Talk:Australian Drug Categories
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Cite this page: Hill, M.A. (2019, August 20) Embryology Australian Drug Categories. Retrieved from https://embryology.med.unsw.edu.au/embryology/index.php/Talk:Australian_Drug_Categories
|Australian Drug Categories|
|Legal drugs are classified, usually by each country's appropriate regulatory body, on the safety of drugs during pregnancy. In Australia, the Therapeutic Goods Authority has classes (A, B1, B2, B3, C, D and X) to define their safety. In the USA, drugs are classified by the Food and Drug Administration (FDA) into classes (A, B, C, D, and X) to define their safety. (More? Australian Drug Categories)
Typical testing of new drug compound today involves a lengthy series of animal and human studies.
Usually tested in at least two mammalian species (rats and guinea pigs) using both single and repeated doses. For determining reproductive effects, tests on both male and female animals with dosing begins 4 weeks prior to mating are conducted to determine effects on fertility in both sexes, on embryogenesis, and on fetal malformation.
Human Clinical trials
Following animal studies to determine dose, efficacy and apparent safety, human studies can commence. Clinical trials are carried out under very strict conditions, set by international regulatory bodies in agreement with the principles espoused in the Declaration of Helsinki. There are four phases to the trials.
- Phase I trials - are typically conducted in healthy young male volunteers in groups of about 10−20. They are designed to assess how the drug is absorbed, distributed, metabolised and excreted by the body (that is, pharmacokinetics) and to establish the safe dose for phase II trials.
- Phase II trials - are designed to examine what effect the drug has on the body (that is, pharmacodynamics) such as heart rate, blood pressure and cognitive effects, depending on the disease the drug is being developed to treat. These studies are usually conducted in 50−100 patients with the disease rather than healthy volunteers as in phase I.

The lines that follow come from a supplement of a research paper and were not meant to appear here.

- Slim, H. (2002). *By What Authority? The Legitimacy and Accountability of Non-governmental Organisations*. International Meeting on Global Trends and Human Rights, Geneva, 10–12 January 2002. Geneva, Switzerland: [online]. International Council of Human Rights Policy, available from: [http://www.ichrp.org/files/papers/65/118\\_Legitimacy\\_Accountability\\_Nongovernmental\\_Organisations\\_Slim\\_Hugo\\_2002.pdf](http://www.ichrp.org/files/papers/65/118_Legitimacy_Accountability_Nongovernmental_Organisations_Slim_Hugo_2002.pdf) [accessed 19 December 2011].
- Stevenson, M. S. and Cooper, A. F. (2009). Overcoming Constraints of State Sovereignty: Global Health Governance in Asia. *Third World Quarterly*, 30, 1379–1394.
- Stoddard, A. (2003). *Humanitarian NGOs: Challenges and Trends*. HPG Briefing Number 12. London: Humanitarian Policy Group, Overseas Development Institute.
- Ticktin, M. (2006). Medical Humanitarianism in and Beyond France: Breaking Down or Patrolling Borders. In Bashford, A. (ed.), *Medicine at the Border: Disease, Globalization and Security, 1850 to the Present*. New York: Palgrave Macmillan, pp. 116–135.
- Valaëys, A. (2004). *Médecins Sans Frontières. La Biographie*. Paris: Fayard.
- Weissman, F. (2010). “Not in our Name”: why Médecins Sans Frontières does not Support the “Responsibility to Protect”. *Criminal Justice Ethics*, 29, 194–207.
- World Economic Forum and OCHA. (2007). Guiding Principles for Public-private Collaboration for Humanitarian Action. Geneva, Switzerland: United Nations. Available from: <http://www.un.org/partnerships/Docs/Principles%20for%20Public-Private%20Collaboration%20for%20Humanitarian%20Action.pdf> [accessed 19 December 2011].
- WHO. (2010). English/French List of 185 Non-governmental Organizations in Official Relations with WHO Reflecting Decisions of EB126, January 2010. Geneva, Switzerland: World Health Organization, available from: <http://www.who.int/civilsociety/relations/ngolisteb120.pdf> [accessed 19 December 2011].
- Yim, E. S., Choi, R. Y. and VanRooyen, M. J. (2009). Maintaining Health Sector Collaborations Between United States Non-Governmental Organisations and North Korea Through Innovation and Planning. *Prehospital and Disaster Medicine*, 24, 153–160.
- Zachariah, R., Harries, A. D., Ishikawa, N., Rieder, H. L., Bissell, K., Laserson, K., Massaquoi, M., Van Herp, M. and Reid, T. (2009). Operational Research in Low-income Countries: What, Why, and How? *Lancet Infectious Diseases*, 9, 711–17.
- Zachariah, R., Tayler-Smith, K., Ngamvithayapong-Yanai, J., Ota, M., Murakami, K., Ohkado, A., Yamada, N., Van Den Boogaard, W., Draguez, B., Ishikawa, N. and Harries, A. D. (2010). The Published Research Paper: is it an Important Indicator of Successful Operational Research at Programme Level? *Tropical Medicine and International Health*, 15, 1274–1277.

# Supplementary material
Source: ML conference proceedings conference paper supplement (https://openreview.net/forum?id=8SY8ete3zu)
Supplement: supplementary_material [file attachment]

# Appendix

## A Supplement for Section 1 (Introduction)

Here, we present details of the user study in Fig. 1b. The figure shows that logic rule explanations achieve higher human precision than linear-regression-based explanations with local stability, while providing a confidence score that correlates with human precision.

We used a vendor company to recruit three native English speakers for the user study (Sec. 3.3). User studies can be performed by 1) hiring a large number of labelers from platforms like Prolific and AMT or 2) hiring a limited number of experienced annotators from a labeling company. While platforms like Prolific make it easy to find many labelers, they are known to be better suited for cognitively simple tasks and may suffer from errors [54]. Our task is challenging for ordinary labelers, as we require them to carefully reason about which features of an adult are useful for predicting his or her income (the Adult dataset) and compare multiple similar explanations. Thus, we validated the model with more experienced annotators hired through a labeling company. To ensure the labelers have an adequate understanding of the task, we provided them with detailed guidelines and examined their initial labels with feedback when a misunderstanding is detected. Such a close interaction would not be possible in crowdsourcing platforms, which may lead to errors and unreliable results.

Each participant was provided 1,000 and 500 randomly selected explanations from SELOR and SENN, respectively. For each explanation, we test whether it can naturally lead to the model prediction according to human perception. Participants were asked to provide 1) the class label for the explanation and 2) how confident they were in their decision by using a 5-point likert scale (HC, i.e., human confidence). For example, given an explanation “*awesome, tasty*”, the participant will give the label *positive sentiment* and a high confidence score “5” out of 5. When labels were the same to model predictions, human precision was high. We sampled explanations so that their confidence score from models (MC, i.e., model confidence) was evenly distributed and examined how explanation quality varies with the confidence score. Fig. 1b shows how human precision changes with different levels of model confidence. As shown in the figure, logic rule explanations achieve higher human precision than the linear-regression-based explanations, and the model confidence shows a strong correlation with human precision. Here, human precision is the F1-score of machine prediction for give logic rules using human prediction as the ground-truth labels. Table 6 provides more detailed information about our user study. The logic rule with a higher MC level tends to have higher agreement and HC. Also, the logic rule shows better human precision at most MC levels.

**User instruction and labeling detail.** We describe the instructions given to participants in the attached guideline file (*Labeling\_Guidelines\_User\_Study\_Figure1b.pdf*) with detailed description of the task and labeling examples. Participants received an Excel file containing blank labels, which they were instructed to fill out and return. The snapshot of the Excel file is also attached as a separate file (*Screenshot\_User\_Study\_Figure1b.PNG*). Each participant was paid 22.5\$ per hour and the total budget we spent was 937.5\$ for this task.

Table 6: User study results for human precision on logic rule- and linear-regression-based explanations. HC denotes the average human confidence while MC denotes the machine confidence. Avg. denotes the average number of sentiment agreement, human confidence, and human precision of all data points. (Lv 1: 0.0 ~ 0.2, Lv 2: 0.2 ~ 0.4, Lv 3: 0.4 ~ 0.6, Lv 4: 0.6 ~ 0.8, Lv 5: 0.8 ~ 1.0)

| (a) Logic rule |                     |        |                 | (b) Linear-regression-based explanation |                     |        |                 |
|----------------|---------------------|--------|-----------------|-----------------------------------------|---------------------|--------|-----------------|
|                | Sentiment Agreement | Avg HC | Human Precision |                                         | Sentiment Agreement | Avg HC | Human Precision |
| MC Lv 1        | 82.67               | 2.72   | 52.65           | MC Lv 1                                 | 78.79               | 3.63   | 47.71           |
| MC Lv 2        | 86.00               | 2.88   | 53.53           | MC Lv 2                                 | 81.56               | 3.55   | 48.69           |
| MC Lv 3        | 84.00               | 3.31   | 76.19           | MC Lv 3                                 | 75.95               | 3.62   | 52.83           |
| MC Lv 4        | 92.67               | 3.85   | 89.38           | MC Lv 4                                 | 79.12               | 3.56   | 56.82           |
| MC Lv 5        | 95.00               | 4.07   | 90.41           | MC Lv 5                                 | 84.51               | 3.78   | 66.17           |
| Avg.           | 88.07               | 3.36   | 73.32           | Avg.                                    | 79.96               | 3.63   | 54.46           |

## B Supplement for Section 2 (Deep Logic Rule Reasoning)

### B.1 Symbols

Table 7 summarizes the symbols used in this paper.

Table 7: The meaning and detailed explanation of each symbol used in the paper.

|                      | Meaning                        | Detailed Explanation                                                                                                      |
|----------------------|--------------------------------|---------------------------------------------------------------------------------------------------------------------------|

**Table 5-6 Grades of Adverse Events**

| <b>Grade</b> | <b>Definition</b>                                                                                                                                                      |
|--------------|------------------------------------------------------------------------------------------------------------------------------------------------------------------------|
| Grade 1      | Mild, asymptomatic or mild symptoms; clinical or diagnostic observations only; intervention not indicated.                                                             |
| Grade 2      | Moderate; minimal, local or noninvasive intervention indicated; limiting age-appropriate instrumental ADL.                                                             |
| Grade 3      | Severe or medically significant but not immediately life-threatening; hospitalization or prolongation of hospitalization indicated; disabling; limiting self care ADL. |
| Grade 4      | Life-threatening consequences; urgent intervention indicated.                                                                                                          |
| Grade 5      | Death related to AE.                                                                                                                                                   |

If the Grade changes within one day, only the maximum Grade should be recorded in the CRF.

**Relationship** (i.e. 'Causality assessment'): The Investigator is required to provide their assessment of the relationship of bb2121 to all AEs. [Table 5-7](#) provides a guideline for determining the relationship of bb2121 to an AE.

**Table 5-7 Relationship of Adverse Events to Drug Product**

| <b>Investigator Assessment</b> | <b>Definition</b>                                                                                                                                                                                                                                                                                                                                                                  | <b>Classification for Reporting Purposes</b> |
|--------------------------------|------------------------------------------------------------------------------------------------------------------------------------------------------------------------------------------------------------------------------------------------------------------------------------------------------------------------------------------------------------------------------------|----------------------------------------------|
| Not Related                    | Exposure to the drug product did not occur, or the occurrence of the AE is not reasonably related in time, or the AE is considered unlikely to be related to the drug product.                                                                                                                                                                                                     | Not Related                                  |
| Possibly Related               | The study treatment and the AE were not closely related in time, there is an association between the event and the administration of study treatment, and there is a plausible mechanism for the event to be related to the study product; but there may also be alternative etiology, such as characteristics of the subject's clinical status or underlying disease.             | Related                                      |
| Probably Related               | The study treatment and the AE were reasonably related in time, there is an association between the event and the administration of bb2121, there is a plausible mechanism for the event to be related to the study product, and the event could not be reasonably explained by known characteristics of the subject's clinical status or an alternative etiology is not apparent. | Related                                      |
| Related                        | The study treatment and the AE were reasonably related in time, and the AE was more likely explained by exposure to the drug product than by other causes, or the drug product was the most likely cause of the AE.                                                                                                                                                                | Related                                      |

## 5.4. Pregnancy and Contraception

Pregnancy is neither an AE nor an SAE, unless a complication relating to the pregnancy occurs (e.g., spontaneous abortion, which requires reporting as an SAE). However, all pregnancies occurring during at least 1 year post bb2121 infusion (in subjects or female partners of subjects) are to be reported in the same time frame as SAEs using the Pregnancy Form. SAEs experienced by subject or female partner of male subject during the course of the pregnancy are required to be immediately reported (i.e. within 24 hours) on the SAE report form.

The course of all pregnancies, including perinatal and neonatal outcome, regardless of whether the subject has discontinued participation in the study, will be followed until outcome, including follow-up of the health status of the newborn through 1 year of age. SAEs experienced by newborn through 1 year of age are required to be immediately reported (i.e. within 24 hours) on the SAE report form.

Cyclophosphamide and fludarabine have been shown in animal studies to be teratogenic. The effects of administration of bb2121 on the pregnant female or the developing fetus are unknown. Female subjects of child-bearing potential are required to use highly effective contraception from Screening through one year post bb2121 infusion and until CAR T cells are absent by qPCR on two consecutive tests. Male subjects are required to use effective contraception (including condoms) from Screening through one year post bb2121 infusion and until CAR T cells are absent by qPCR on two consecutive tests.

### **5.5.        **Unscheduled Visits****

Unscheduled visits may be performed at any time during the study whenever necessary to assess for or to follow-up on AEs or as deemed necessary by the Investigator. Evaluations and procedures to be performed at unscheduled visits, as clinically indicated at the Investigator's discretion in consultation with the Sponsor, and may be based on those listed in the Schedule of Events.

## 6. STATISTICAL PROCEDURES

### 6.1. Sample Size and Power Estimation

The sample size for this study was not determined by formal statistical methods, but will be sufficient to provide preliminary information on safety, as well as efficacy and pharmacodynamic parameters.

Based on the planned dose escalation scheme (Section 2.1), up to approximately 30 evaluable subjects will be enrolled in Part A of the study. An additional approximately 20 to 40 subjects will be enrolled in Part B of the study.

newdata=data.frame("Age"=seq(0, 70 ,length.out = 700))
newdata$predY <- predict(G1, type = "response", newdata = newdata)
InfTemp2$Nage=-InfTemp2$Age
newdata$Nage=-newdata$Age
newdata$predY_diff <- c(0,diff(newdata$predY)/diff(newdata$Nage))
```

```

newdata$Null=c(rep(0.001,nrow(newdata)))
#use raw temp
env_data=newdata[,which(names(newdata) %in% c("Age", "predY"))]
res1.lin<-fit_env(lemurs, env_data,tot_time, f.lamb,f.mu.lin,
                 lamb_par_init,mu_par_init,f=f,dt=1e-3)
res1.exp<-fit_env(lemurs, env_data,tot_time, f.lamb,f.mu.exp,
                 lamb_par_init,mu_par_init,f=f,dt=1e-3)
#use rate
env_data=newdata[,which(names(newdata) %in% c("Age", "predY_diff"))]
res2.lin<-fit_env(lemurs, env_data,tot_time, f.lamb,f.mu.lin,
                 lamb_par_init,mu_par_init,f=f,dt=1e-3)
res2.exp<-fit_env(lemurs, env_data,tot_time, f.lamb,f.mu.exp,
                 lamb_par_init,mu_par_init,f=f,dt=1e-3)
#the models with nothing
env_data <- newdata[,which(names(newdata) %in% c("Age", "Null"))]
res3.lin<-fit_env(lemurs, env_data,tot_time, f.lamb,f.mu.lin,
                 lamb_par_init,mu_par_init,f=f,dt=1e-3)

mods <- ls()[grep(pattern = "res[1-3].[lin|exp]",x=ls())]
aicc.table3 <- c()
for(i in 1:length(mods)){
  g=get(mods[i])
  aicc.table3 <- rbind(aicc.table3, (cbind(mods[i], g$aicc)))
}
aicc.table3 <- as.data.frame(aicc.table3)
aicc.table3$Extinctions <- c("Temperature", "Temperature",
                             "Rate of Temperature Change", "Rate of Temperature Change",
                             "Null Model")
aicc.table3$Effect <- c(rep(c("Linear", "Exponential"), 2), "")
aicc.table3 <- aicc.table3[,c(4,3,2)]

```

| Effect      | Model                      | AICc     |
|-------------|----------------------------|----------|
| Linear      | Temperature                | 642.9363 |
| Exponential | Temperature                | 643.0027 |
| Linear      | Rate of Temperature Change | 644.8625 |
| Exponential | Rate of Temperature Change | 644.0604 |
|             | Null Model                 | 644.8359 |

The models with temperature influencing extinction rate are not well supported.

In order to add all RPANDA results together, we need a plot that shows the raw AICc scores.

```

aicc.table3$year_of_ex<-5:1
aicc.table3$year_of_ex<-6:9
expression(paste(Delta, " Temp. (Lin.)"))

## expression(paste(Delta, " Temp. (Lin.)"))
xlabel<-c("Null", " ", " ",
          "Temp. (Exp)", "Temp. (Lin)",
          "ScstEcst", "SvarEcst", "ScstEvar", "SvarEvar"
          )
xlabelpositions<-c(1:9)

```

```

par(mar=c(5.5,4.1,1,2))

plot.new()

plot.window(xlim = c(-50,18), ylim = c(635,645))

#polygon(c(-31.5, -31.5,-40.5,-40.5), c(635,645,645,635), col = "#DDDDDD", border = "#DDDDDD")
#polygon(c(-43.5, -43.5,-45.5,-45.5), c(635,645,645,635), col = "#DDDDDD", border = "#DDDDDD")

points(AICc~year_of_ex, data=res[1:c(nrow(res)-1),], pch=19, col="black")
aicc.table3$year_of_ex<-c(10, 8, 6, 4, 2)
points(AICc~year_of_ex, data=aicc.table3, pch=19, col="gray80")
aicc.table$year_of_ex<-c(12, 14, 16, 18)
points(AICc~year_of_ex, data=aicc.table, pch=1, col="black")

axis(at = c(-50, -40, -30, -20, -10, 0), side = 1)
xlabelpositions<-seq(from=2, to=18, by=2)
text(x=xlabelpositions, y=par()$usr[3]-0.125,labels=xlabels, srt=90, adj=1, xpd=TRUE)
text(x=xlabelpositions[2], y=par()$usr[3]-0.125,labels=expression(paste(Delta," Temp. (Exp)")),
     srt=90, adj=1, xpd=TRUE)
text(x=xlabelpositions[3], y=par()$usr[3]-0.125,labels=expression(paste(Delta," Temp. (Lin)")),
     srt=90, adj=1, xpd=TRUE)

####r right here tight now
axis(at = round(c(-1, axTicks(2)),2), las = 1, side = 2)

- Phase III trials - involve larger numbers (100’s) of patients with a particular disease or condition and are usually randomised comparative double-blinded studies. The comparator is either placebo or an active drug already well established as treatment for the disease under investigation, or both. Several phase III trials are usually required by the regulatory authorities. Even with a large-scale phase III program, uncommon adverse events may not be detected until the new medicine is used widely in the community.
Phase IV trials - (post-registration) trials are those undertaken after the new medicine has been registered and are usually randomised controlled trials. Very large studies involving thousands of patients for several years.
After phase I to III the pharmaceutical company compiles all study data for independent assessment by the government regulatory authorities (FDA in the USA, Therapeutic Goods Administration (TGA) in Australia, and Medsafe in New Zealand).
Summarised from VOLUME 29 : NUMBER 6 : DECEMBER 2006 http://www.australianprescriber.com/magazine/29/6/159/61
The World Medical Association (WMA) has developed the Declaration of Helsinki as a statement of ethical principles for medical research involving human subjects, including research on identifiable human material and data. It is widely regarded as the cornerstone document on human research ethics.
A to X: the problem of categorisation of drugs in pregnancy--an Australian perspective
Med J Aust. 2011 Nov 21;195(10):572-4.
Kennedy DS. Source MotherSafe, Royal Hospital for Women, Sydney, NSW, Australia. firstname.lastname@example.org. nsw.gov.au Comment in Med J Aust. 2012 Feb 20;196(3):172; author reply 172-3. Med J Aust. 2012 Feb 20;196(3):172-3.